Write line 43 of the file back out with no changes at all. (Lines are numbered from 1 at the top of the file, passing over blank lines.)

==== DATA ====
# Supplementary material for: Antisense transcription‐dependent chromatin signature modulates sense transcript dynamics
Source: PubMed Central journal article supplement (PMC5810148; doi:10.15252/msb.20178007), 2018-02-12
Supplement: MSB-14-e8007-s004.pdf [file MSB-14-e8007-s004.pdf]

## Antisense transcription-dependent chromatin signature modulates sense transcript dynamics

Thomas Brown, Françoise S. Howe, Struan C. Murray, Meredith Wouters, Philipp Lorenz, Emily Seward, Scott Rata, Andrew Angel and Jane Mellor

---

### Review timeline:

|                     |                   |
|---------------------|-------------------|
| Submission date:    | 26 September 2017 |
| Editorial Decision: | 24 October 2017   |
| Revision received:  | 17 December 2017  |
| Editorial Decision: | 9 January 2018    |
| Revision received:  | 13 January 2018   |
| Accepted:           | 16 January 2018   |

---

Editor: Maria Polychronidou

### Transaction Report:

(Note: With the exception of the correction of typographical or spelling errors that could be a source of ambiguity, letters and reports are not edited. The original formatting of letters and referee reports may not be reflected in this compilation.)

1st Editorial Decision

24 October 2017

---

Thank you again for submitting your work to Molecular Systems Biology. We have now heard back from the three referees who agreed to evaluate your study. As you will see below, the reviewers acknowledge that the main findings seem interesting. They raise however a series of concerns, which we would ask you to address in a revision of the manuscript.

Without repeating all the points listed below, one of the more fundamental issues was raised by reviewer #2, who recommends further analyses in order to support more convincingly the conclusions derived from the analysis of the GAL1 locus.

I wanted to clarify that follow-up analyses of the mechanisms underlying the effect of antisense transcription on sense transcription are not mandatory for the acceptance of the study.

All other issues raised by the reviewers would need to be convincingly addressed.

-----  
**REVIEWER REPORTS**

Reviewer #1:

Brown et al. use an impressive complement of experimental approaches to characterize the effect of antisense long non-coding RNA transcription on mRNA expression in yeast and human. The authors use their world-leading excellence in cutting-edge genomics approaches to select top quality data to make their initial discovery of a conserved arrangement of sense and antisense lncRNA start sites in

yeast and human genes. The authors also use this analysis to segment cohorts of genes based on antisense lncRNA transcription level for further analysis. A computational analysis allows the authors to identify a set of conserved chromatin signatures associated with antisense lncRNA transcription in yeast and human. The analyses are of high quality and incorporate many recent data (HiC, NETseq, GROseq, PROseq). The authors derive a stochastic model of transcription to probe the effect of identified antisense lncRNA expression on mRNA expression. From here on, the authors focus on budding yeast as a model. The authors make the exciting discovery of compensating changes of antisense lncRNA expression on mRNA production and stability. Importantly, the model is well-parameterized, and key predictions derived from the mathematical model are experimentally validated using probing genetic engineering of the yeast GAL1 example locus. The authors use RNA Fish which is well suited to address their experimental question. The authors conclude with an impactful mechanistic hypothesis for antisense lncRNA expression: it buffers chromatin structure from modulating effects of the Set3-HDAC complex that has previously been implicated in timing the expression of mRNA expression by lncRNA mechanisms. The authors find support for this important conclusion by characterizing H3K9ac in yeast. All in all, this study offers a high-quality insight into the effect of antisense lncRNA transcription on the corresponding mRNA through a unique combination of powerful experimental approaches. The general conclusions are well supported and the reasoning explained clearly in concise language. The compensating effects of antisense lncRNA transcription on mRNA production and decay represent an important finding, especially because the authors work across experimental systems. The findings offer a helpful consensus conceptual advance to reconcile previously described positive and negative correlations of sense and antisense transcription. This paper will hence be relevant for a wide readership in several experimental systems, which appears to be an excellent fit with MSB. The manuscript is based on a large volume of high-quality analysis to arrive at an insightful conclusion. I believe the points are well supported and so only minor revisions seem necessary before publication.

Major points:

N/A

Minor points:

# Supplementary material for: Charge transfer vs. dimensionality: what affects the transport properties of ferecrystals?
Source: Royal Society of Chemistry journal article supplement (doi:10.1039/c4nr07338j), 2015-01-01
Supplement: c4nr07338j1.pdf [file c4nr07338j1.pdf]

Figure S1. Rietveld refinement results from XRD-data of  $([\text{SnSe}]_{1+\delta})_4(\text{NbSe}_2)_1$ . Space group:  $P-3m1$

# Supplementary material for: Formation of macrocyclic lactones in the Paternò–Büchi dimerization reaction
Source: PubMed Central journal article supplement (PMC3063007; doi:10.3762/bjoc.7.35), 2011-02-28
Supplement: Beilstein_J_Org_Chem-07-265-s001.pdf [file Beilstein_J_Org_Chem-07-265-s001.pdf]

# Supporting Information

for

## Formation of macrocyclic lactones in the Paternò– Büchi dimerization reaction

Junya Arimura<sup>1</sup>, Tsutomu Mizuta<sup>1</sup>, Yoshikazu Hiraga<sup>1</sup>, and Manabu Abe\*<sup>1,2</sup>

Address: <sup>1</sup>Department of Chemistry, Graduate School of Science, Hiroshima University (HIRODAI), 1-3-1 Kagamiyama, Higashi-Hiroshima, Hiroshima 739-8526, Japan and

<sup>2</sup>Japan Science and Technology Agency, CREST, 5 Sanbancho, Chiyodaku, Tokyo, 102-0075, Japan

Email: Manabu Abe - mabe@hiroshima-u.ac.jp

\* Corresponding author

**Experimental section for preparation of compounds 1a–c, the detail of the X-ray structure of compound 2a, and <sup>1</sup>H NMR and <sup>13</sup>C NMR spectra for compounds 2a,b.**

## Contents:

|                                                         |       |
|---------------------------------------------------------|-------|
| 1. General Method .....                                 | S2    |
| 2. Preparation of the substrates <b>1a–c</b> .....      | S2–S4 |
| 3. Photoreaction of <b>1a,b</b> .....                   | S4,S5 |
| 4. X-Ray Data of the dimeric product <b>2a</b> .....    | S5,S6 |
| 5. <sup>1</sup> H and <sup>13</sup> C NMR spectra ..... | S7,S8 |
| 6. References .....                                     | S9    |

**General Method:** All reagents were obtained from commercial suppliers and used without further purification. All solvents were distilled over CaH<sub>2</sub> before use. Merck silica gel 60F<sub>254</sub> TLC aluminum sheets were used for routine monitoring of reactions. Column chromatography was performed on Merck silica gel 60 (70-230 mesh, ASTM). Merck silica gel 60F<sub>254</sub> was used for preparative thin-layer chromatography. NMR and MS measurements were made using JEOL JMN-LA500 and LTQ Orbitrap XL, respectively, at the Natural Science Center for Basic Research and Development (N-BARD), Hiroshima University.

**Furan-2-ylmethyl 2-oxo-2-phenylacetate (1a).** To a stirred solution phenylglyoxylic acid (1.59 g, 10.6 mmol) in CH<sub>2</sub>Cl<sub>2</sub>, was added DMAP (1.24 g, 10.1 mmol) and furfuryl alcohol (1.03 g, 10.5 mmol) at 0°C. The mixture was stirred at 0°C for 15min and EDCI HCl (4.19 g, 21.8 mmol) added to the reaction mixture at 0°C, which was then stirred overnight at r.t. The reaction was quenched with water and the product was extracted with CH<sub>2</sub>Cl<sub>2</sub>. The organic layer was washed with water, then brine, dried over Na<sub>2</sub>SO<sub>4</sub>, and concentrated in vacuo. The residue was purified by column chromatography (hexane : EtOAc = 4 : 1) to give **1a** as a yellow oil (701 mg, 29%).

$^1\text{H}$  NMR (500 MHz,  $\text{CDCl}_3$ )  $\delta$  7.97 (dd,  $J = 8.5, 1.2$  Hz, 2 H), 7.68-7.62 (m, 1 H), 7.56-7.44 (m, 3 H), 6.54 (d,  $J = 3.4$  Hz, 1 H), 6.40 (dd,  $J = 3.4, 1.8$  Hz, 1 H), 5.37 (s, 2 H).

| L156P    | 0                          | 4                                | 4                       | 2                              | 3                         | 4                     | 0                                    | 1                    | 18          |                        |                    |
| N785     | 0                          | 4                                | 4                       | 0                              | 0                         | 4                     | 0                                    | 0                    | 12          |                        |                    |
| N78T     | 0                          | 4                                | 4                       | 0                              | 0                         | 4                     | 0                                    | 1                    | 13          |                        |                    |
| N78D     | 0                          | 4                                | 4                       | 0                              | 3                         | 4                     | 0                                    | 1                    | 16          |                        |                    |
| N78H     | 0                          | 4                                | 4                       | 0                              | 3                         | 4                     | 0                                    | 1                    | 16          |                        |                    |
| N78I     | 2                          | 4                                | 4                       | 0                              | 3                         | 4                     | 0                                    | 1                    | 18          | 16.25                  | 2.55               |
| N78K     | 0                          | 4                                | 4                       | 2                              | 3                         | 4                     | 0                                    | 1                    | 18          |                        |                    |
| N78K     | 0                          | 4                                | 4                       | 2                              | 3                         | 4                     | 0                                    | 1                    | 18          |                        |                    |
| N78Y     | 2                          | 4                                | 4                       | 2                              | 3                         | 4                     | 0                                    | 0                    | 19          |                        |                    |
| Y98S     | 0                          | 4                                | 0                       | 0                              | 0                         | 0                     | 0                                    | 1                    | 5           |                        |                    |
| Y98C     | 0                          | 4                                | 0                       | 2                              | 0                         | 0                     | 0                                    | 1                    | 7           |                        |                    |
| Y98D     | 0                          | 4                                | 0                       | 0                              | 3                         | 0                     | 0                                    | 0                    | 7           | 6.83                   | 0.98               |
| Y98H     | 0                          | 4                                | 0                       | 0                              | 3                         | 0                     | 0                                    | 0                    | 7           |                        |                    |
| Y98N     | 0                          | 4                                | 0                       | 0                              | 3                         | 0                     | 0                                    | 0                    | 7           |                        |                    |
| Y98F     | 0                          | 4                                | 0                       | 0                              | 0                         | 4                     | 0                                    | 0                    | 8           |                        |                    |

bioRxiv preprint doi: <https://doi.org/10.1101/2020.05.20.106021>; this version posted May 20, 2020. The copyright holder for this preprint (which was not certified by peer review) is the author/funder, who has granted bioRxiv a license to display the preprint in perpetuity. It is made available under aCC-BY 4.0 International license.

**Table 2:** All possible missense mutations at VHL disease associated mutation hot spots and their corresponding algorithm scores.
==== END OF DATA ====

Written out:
for